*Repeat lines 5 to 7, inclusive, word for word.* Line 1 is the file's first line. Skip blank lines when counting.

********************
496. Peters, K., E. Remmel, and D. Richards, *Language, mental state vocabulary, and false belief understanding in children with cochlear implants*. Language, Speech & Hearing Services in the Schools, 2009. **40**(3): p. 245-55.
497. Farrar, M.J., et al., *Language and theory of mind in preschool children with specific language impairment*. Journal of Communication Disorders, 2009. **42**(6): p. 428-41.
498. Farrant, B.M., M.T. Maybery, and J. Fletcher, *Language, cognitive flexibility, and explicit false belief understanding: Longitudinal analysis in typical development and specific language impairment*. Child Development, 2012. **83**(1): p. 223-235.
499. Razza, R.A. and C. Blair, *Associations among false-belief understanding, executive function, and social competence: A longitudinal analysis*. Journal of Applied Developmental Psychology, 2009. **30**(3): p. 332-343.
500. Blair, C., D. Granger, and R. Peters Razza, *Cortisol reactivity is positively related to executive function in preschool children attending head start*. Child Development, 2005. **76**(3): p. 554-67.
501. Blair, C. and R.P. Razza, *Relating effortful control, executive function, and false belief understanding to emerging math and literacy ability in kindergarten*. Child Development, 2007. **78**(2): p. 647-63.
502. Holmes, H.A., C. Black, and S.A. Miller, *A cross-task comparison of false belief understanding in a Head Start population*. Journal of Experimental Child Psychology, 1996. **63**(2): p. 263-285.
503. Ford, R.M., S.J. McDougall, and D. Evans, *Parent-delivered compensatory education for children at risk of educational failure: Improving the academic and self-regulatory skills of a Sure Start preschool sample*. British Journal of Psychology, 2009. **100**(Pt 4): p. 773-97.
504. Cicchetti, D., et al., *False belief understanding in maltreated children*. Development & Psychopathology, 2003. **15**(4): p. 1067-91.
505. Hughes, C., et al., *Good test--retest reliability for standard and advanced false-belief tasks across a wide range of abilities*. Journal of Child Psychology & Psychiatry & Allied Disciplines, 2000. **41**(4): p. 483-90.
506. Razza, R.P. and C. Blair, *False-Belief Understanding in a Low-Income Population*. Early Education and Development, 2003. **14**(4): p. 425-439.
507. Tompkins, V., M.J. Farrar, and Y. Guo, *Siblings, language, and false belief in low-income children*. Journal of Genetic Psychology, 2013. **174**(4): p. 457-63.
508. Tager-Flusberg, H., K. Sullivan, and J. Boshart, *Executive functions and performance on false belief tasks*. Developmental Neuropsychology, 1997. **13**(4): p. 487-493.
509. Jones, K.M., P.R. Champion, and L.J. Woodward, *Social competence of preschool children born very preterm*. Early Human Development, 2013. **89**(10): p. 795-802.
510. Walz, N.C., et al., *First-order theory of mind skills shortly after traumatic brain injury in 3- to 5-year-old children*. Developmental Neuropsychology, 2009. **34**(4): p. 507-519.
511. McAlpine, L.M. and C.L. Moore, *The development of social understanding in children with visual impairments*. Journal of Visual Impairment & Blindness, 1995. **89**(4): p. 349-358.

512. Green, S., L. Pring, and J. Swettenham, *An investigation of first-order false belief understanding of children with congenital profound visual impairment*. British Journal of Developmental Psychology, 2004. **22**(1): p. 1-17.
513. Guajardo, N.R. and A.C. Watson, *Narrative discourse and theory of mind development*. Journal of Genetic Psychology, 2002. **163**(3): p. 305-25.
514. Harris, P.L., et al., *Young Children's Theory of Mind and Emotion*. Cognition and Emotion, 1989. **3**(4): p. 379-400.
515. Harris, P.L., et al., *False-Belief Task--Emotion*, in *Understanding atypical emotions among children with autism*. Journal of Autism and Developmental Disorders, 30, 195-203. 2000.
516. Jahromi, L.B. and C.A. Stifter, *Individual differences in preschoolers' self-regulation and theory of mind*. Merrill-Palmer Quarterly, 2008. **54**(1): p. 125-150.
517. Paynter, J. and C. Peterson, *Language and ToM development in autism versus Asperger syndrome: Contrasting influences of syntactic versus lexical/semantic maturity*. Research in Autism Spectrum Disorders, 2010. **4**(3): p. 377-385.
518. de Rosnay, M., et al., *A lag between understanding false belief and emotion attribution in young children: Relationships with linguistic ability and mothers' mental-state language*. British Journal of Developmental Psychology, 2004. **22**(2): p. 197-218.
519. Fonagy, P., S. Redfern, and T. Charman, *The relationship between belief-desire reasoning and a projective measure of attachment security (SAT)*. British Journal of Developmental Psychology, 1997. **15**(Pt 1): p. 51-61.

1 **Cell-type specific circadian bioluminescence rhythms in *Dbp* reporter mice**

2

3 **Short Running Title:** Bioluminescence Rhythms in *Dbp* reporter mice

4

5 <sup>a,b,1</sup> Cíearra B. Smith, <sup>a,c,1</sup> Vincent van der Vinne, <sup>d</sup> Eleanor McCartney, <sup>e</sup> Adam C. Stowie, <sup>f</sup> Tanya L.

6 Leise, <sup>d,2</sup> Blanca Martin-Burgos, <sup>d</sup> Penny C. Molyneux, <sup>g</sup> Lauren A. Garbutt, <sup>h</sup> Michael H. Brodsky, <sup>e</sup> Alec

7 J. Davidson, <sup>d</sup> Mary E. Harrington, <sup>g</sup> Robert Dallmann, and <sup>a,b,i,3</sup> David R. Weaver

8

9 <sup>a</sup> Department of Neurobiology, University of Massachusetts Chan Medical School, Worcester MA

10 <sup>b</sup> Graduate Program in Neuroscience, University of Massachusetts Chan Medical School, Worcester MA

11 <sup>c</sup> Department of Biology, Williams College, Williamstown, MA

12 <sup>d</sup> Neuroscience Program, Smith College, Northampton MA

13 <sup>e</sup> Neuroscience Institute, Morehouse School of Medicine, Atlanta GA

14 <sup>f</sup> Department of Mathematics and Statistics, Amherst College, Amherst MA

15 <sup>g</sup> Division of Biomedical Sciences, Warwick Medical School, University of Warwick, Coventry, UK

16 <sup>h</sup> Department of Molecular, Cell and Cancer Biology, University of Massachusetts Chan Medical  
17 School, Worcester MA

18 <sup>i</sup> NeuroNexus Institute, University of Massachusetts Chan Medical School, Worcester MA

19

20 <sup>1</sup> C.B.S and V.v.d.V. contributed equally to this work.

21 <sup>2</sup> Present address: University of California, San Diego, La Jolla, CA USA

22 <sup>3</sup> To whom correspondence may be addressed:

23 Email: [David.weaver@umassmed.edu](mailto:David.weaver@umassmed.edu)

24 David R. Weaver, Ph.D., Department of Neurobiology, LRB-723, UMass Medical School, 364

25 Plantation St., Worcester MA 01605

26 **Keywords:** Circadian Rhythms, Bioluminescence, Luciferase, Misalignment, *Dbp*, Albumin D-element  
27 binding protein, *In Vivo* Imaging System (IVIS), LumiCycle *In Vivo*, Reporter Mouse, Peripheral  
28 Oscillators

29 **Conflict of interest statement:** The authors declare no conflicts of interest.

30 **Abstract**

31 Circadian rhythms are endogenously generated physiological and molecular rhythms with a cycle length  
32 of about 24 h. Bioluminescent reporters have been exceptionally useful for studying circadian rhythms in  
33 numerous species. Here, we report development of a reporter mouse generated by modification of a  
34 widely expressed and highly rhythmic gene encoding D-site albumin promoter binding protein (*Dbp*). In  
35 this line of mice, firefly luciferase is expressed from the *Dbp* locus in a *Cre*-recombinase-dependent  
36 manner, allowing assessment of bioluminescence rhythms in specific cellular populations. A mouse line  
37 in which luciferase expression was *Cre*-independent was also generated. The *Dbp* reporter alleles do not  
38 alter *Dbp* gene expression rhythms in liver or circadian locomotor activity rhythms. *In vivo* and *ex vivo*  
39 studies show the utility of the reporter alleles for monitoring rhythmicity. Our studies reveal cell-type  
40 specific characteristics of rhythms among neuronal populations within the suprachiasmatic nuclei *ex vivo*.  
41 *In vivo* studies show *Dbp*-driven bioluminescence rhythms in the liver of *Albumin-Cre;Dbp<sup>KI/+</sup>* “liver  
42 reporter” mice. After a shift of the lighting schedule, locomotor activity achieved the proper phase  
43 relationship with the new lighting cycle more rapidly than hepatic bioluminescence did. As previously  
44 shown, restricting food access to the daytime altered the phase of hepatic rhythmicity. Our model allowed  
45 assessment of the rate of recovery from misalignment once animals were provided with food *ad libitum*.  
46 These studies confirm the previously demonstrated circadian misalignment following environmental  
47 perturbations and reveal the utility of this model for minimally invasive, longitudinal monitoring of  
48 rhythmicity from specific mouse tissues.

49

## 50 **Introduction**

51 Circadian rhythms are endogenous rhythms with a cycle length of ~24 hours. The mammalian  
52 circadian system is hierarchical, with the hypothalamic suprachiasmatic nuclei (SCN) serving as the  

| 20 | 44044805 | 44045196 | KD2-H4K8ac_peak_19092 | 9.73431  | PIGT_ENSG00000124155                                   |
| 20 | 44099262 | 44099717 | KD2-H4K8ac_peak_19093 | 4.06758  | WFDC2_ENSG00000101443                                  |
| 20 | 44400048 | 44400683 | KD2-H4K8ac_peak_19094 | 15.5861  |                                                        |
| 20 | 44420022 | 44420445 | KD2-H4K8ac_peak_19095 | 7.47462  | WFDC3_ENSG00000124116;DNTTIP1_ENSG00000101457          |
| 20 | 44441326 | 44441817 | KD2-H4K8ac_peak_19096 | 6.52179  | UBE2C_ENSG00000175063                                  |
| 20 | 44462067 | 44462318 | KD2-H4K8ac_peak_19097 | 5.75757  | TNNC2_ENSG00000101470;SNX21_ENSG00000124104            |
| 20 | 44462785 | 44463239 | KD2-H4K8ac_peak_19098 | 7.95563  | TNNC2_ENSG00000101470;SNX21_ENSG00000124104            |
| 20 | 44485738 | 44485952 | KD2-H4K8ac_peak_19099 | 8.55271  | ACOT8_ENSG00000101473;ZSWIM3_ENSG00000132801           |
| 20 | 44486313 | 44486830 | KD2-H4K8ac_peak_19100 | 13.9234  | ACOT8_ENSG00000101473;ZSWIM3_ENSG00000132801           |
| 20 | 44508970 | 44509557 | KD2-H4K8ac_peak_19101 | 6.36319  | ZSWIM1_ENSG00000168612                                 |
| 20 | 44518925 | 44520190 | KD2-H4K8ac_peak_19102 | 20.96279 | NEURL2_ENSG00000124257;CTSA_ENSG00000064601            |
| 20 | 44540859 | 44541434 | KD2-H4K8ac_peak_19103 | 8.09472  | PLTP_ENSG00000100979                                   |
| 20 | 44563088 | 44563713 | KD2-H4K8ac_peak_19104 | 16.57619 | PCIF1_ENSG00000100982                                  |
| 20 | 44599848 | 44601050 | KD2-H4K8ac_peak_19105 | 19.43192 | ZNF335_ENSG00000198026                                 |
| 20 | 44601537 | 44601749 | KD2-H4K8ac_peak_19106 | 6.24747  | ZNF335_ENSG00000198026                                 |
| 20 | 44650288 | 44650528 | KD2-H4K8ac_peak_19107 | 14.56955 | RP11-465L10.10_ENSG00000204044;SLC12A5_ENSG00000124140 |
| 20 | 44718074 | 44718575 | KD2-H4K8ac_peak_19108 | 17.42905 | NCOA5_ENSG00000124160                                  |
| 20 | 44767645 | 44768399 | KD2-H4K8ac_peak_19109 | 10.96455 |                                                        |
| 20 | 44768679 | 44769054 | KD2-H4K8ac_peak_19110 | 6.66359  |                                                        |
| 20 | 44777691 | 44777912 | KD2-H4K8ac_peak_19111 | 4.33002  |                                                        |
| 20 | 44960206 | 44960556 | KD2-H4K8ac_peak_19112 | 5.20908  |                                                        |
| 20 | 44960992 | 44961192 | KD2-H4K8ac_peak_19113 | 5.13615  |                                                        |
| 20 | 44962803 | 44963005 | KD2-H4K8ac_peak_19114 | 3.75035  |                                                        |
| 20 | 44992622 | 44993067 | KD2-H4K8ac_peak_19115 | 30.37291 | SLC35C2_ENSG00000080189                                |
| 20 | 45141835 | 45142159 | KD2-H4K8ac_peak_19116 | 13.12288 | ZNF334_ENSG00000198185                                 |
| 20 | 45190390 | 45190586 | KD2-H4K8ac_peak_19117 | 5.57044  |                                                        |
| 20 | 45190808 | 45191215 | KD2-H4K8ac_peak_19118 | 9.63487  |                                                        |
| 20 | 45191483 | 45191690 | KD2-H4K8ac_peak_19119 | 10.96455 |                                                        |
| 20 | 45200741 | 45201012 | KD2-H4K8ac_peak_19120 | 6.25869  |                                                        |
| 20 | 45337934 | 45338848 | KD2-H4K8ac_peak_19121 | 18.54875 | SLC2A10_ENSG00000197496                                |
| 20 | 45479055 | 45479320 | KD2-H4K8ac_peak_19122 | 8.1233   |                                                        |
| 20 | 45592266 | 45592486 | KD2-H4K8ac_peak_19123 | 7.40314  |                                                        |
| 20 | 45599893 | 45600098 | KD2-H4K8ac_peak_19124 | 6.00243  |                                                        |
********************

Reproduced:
500. Blair, C., D. Granger, and R. Peters Razza, *Cortisol reactivity is positively related to executive function in preschool children attending head start*. Child Development, 2005. **76**(3): p. 554-67.
501. Blair, C. and R.P. Razza, *Relating effortful control, executive function, and false belief understanding to emerging math and literacy ability in kindergarten*. Child Development, 2007. **78**(2): p. 647-63.
502. Holmes, H.A., C. Black, and S.A. Miller, *A cross-task comparison of false belief understanding in a Head Start population*. Journal of Experimental Child Psychology, 1996. **63**(2): p. 263-285.